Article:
CNN's Soledad O'Brien had already taken a broad look at black families and community leaders in two previous volumes of her "Black In America" documentary series. For the third installment, "Almighty Debt"-- which airs Oct. 21st at 9 P.M. Eastern -- she chose to zero in on a particular institution: the black church.
"If you're going to look at the black community, one of the biggest and most important institutions in the black community is the black church," O'Brien said in an interview with the Huffington Post.
For months, she and her CNN team looked for particular pastors and churches to cover. Then they found Pastor DeForest Soaries, who leads the 7,000-member First Baptist Church in New Jersey, and who has made getting people out of debt and helping them with their finances one of his main causes. Soaries is also a veteran of the civil rights movement who, O'Brien said, believes that "the next front in civil rights is figuring out how to bring financial parity to African Americans."
For O'Brien, Soaries was an excellent lens through which to examine the impact of the recession, which has hit black communities particularly hard. His church's efforts to combat debt and financial meltdown amongst its members also provided her with the opportunity to examine the role of the black church today -- specifically, she said, "how relevant is it, what is it doing in this economic crisis for African Americans who have been hit hard, and how has the civil rights agenda changed."
When O'Brien sat down with Soaries, he said something that startled her: that debt was a bigger problem for black people than racism, that it was almost a modern-day form of slavery. It is something she said she heard repeatedly when she talked to other people.
"I was stunned," she said. "And yet when Pastor Soaries says debt is worse than slavery, that debt is a kind of bondage, [others I talked to] would nod and say, 'yep. I feel like I'm in bondage because I can't pay my mortgage.' So as much as I think he was being provocative and a little bit over the top, I think he also believes that racism is something that is external to you and that debt is something that you can manage all on your own."
O'Brien also examined something called the "wealth gap" -- that is, the gap between the accumulated wealth of whites and African Americans. It is a gap with roots in slavery, Jim Crow and systemic racism, which left black people with comparatively little wealth to pass on to their descendants. It is also part of the reason that economic crises hit black communities harder than white communities.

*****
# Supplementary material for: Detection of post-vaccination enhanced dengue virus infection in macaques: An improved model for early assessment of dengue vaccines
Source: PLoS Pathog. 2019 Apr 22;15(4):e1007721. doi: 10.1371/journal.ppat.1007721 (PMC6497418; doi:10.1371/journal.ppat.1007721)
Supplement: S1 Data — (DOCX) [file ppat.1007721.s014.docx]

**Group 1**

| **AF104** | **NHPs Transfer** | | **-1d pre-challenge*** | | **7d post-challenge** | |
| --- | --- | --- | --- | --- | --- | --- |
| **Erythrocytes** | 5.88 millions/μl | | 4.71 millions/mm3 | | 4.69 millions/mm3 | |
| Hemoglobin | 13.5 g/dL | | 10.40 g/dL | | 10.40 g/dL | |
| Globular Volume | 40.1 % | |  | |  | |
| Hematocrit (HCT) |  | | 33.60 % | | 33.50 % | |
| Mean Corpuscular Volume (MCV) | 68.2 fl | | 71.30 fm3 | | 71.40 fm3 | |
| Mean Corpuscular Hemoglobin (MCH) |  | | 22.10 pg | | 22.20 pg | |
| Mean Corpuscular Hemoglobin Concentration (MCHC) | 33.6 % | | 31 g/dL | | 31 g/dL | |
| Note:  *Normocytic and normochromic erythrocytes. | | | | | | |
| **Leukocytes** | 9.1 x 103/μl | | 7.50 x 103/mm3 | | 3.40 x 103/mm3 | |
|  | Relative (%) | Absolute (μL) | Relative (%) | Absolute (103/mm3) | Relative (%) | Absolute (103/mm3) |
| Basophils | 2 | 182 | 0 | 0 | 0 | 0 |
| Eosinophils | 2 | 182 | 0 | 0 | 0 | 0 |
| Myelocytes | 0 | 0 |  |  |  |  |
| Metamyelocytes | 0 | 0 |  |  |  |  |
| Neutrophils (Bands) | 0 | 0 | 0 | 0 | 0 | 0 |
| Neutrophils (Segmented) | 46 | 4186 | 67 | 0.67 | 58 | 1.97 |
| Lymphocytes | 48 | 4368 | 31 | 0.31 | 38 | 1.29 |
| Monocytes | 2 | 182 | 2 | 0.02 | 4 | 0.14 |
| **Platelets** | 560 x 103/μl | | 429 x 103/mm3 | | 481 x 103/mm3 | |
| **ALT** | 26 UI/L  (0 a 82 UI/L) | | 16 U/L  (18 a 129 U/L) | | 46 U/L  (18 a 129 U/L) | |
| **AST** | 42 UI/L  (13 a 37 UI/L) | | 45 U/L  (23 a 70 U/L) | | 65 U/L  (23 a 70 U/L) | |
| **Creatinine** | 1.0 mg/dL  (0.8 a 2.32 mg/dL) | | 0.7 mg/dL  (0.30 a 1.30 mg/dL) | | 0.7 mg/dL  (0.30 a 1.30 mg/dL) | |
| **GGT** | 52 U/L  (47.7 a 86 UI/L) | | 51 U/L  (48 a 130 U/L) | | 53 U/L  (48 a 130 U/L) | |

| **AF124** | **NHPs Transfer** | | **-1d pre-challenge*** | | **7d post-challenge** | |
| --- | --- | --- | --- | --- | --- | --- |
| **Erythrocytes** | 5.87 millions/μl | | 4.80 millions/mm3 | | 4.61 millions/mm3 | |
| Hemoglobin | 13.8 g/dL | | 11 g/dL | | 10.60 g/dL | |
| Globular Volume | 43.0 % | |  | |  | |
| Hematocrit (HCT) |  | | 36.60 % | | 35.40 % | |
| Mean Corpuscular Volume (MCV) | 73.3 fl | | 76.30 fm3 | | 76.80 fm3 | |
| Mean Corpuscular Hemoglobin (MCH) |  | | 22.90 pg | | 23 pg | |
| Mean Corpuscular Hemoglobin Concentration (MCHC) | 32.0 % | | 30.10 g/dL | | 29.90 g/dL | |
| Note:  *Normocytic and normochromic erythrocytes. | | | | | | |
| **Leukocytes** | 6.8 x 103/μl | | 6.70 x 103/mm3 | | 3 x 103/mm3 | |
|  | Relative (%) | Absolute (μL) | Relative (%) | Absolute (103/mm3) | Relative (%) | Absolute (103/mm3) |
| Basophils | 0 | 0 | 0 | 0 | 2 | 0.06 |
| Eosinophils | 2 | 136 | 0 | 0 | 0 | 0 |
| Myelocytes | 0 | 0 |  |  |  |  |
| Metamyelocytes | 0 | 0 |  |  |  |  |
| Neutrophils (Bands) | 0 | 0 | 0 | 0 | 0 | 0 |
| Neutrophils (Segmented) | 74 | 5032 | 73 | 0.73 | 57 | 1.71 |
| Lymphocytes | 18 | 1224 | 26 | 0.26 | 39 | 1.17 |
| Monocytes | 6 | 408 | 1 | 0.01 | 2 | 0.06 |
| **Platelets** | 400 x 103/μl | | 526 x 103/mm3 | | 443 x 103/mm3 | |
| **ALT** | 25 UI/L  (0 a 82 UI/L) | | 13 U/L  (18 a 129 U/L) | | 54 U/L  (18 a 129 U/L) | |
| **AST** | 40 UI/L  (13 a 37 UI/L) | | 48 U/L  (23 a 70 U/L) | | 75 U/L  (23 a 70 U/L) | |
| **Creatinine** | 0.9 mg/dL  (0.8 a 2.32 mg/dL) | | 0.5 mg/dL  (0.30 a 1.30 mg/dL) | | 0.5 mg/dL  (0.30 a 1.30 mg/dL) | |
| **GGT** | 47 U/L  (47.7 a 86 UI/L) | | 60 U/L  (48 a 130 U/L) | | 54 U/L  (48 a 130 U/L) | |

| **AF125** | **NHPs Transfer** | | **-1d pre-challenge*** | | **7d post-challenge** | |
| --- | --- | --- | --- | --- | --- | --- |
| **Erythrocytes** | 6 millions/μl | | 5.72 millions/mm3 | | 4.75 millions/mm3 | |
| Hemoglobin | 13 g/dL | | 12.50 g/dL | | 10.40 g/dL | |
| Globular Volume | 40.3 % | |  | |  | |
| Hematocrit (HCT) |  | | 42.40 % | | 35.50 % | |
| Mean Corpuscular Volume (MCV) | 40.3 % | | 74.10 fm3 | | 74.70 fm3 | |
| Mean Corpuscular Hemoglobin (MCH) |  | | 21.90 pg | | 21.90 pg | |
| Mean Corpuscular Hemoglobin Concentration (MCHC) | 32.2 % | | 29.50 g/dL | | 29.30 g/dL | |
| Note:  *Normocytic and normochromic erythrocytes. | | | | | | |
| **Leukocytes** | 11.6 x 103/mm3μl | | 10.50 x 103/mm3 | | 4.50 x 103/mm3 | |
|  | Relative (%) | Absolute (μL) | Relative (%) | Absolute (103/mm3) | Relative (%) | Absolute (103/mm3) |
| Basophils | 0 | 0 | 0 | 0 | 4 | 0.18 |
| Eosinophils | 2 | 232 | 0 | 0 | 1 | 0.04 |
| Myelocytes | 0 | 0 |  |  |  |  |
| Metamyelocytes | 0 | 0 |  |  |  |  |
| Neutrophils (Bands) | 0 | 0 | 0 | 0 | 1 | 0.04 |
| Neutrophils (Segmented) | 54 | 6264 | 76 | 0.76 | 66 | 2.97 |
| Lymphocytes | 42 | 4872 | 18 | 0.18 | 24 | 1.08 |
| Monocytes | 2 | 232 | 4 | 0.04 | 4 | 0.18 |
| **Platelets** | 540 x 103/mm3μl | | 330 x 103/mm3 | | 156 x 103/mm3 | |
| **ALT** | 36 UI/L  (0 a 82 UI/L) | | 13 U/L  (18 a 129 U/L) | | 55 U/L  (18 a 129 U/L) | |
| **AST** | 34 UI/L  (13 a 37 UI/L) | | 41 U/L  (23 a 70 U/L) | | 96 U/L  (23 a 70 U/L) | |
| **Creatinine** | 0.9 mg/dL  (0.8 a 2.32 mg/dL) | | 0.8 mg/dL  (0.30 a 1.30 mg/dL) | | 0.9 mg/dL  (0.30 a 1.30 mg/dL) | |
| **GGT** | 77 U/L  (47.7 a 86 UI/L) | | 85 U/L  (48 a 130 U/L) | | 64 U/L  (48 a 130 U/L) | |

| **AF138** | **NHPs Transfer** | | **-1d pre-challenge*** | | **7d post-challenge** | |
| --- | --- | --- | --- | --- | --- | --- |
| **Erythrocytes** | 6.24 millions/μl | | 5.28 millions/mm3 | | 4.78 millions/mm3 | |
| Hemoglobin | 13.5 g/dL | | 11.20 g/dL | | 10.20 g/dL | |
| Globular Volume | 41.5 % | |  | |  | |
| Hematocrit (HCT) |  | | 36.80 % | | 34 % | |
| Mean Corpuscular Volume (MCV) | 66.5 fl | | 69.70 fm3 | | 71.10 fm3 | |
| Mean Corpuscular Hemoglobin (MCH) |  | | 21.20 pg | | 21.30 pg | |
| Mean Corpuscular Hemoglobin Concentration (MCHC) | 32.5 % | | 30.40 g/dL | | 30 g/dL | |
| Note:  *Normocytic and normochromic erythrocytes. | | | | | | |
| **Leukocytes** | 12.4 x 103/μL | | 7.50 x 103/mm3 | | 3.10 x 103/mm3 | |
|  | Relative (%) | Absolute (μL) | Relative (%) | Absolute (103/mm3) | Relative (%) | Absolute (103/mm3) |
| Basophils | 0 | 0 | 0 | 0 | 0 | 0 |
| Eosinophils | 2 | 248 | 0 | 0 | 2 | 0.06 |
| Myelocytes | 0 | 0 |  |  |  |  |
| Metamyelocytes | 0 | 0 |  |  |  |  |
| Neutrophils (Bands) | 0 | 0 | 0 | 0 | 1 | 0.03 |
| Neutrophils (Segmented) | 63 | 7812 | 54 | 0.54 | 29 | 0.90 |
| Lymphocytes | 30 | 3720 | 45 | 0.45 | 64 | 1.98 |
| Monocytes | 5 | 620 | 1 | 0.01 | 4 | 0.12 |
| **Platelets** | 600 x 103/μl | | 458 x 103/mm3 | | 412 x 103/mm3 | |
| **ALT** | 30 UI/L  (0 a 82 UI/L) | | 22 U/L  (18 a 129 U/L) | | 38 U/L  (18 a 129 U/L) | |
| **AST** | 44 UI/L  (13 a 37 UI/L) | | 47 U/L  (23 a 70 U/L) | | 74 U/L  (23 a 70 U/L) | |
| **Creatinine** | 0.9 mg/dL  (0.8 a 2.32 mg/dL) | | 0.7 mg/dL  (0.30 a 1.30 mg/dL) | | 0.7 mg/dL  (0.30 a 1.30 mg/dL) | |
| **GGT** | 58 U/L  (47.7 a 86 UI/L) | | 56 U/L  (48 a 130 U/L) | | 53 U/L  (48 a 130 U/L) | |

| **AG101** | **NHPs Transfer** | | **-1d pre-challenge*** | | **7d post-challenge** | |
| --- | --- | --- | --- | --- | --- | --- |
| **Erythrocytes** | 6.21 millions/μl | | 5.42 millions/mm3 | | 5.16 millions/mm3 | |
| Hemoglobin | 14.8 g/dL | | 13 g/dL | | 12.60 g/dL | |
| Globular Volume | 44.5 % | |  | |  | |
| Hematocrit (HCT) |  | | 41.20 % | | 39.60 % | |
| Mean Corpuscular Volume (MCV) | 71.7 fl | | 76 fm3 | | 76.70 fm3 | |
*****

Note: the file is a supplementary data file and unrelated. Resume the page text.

O'Brien said that she had never been able to look at the impact of slavery in her other "Black In America" specials, but that in the third installment, the issue was very pertinent to the subject she was exploring.
"In this case, the impact of slavery and Jim Crow and unfair hiring practices over decades are all being reaped today," she said. "The wealth gap is due to those very things, due to a lack of accumulation of wealth for African Americans as opposed to their white counterparts. So to me it was very interesting to look at the root causes for why, when you have a massive recession, African Americans are hurt much more than [whites]."
To personalize these larger topics, O'Brien focused on three sets of characters for the special: Fred Philps, a 17-year-old from a poor background who is trying to raise $16,000 so he can go to college; Doug and Mary Jeffries, whose home is on the verge of foreclosure; and Carl and Lynette Fields, who are desperately looking for a new source of income after Carl is fired from the company he has worked at for 30 years. All of them had turned to the First Baptist Church for help.
In each case, O'Brien said, she wanted to find out what role the church played in helping these people. For instance, First Baptist helped the Jeffries family as they dealt with banks and lenders and tried to figure out where they were going to live.
She said she was lucky that Philps and the two couples were so open with her.
"They had to reveal some very embarrassing and difficult things," she said. "At one point, Carl talks about how, when his wife goes off to her job he feels like less of a man...that takes a lot of guts to say. The Jeffries, who allowed us in on every meeting tat they were having with their bank and their counselors, that's tough."
Even so, she said, the people she talked to were hopeful. She stressed that the special was not depressing, but focused on how people got themselves out of incredibly difficult financial situations.
"Sometimes the best solution if you're losing your home is to move to a smaller home," she said. "Sometimes the best solution for a young man going off to college is to get in and take out a loan and get a job...I think hope is where you find it."
Though "Almighty Debt" took about a year to complete, O'Brien is by no means taking a break. She works on five or six documentaries at a time; the next will focus on Muslims in America. For her, she said, she can think of nothing better to do.
"I love to interview people," she said. "I love telling peoples' stories."